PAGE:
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>> they are what we call partial which means that there is a lot of missing information and conclusions are being drawn that someone matches based on these really marginal samples. >> here is how incomplete dna can point to the wrong person: a truly unique dna profile consists of at least 13 locations mapped on your dna. but often, laps don't map that many, either because they only have partial samples or because they save time or money testing fewer locations. in 2006, arizona revealed that out of 6528 dna samples in its database, each representing a convicted offender, a dna profile of nine locations brought back 122 matching people. this was one of the only studies of its kind and was compelled by a court order. any one of those 122 people could be incorrectly matched to incompletely crime scene dna with 10 base pairs, that number was still too high, 20 matches out of 65,000.
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incomplete dna is used as evidence all the time. while arizona had only 65,000 people in its database, california's now holds 1.4 million convicted offenders. even an exact dna match doesn't always identify the guilty party. investigators at the scene of a 2012 homicide in san josecal discovered a stranger's dna on the deceased. they identified a former convict, lucas anderson. >> on the night in question, lucas anderson was here at valley medical center in san jose being treated for alcohol poisoning. so how could his dna have made its way from the hospital to a murder scene? >> the ambulance that transported lucas from san jose to be treated for the alcohol intoxication was then the ambulance that responded to the homicide. the pulse oxometer that measures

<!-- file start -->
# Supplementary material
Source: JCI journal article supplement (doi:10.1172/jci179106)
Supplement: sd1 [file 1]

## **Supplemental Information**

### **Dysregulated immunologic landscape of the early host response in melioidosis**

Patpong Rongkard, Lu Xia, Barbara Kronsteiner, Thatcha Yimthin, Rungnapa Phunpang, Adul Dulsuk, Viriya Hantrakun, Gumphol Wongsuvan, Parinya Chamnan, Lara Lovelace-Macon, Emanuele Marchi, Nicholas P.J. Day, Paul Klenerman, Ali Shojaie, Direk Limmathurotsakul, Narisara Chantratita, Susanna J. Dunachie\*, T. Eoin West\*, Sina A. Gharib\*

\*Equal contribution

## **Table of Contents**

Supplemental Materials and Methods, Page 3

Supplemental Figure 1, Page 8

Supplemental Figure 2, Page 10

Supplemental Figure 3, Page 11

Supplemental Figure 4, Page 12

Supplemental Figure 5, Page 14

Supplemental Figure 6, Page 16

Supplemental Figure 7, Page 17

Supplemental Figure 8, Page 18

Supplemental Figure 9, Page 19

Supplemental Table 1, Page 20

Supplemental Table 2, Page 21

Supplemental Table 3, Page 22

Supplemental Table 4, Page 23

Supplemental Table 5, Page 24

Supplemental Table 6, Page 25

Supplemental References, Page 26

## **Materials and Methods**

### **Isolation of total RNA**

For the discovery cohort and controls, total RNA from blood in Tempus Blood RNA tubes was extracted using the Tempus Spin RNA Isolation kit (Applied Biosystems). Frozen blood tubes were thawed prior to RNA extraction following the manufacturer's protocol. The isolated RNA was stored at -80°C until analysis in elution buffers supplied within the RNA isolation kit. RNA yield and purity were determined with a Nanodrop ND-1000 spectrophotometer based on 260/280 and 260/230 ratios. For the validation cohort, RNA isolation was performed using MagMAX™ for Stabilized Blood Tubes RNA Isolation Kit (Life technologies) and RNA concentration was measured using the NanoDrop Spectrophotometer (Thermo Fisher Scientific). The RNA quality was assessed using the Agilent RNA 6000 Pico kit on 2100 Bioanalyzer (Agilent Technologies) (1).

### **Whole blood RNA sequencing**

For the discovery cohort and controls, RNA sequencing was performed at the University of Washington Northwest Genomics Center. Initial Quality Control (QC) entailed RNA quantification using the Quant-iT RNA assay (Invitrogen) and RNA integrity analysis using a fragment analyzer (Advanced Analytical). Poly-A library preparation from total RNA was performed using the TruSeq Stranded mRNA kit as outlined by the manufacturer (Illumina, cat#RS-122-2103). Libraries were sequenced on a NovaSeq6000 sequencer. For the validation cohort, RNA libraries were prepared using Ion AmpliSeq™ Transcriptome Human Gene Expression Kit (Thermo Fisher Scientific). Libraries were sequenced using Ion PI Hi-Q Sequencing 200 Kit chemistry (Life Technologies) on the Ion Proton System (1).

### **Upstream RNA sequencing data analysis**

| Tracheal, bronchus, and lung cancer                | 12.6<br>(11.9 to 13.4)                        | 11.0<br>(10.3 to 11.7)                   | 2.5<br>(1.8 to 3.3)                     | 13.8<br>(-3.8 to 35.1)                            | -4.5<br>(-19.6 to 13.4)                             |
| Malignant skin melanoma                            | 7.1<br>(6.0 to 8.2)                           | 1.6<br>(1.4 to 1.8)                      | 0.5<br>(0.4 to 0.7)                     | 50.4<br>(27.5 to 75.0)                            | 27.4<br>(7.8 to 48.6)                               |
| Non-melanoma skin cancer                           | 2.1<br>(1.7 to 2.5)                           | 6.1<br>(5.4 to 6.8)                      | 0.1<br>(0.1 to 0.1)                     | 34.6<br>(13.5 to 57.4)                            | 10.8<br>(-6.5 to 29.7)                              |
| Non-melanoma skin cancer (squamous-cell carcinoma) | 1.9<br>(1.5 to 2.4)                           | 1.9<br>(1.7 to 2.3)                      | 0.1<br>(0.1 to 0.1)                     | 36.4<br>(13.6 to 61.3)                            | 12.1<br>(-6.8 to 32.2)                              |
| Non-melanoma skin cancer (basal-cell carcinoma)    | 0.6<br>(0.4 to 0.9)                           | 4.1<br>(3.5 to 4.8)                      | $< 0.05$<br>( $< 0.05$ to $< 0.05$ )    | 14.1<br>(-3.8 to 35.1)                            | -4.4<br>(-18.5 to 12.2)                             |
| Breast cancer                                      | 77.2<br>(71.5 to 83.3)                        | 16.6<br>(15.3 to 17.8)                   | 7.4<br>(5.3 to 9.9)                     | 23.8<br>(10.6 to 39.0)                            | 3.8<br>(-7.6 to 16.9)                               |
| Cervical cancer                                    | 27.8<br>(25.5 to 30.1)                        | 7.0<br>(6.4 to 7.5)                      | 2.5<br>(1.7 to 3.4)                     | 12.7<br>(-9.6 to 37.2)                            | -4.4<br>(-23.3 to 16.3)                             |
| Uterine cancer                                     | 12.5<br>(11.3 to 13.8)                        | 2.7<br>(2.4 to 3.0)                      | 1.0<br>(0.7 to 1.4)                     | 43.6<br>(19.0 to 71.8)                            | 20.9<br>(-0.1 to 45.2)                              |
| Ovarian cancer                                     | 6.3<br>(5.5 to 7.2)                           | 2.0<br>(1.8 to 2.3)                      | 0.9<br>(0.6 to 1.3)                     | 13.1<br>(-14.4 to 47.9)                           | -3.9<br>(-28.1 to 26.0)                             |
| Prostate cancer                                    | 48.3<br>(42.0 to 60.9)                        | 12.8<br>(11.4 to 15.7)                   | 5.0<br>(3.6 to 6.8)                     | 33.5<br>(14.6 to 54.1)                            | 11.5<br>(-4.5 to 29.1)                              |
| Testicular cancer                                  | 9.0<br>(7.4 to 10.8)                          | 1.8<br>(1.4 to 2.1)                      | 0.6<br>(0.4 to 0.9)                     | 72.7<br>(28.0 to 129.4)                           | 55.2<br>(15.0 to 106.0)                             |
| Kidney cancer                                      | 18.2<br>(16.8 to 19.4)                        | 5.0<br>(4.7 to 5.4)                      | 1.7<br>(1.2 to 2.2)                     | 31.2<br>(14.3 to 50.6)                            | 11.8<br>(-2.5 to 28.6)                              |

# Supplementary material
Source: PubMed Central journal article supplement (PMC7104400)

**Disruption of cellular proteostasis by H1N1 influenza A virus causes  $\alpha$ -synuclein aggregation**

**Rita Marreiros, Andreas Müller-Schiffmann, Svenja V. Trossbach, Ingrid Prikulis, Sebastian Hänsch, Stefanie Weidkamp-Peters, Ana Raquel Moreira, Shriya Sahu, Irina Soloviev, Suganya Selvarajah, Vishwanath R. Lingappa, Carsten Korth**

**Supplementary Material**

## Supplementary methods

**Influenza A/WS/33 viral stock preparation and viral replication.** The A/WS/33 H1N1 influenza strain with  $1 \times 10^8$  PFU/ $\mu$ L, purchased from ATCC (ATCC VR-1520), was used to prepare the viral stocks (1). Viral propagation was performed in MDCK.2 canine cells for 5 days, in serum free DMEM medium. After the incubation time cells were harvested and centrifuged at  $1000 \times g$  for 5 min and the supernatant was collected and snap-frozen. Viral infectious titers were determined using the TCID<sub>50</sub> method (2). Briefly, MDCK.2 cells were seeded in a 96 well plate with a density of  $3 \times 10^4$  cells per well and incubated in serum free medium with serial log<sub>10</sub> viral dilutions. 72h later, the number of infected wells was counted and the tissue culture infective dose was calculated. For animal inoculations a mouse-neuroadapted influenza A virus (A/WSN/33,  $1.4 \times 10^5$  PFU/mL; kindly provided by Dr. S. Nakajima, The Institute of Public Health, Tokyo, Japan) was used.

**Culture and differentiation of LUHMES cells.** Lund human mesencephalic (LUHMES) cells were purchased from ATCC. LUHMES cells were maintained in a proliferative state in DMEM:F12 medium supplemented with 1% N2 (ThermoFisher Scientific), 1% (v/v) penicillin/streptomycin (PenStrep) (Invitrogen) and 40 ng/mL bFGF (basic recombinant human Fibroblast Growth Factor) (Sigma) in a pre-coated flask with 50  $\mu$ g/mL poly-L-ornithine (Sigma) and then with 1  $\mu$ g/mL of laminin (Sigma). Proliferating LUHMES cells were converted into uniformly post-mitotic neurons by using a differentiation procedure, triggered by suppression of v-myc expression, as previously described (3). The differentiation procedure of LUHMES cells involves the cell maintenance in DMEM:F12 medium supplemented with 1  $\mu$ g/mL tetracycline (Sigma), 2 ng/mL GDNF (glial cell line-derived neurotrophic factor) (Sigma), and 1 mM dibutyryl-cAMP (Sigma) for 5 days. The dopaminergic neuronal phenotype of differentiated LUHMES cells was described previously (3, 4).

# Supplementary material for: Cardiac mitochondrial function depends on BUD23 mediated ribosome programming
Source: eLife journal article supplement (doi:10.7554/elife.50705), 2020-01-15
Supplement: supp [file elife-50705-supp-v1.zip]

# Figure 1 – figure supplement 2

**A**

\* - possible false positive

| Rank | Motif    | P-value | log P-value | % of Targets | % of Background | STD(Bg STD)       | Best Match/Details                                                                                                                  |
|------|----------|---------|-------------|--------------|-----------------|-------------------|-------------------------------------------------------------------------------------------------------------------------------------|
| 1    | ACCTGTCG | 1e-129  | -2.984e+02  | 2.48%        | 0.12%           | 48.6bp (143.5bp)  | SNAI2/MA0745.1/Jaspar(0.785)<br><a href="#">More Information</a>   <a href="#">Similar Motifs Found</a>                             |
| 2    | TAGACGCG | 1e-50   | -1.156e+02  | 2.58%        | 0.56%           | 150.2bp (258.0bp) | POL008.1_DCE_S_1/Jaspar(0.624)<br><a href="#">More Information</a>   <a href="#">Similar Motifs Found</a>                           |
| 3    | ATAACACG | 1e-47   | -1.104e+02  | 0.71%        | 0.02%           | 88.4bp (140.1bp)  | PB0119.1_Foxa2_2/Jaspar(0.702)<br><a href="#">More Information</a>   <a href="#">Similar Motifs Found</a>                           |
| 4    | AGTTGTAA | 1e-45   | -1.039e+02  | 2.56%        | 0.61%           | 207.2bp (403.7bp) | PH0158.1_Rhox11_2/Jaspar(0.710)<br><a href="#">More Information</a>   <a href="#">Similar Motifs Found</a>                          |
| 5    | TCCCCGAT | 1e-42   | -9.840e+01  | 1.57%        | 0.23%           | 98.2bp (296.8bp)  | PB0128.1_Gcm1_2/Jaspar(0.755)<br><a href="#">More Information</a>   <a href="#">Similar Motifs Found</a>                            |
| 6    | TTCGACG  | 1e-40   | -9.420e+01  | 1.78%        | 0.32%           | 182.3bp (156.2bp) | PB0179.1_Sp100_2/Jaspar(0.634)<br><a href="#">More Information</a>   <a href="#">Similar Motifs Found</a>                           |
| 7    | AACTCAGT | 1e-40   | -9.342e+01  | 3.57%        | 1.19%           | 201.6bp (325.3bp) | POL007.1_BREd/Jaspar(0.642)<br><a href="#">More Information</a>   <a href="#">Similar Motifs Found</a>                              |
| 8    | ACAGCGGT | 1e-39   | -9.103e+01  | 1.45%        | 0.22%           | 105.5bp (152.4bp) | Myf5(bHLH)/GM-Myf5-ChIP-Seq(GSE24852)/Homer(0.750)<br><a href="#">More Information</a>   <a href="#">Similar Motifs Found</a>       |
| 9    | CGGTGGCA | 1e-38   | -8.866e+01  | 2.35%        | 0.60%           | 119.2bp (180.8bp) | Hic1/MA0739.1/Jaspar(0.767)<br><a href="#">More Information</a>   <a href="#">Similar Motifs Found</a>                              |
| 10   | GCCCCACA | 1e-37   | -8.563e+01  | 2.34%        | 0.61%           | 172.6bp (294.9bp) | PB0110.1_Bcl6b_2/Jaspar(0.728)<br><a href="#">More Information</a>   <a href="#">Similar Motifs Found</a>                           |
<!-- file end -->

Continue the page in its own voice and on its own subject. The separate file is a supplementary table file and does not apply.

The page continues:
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your oxygen levels was put on lucas's finger. when they got to the scene of the crime was put on the victim's finger and the dna was transferred in that method. >> in the end, lucas anderson did five months in maximum security confinement based upon dna evidence that put him at the scene of a crime he was nowhere near. coming up, preparing to commemorate one of worldwar 2's most important battles. ♪ over there. send the word. ♪ send the word over there. >> we will meet the american trio who will perform at normandy beach on the anniversary of d day.
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recapping a top story on al jazeera america. sergeant bowe bergdahl has been freed by captors in afghanistan. in exchange for his release, five gaupt guantdetainees into the custody of the qatar government. survivors of a different war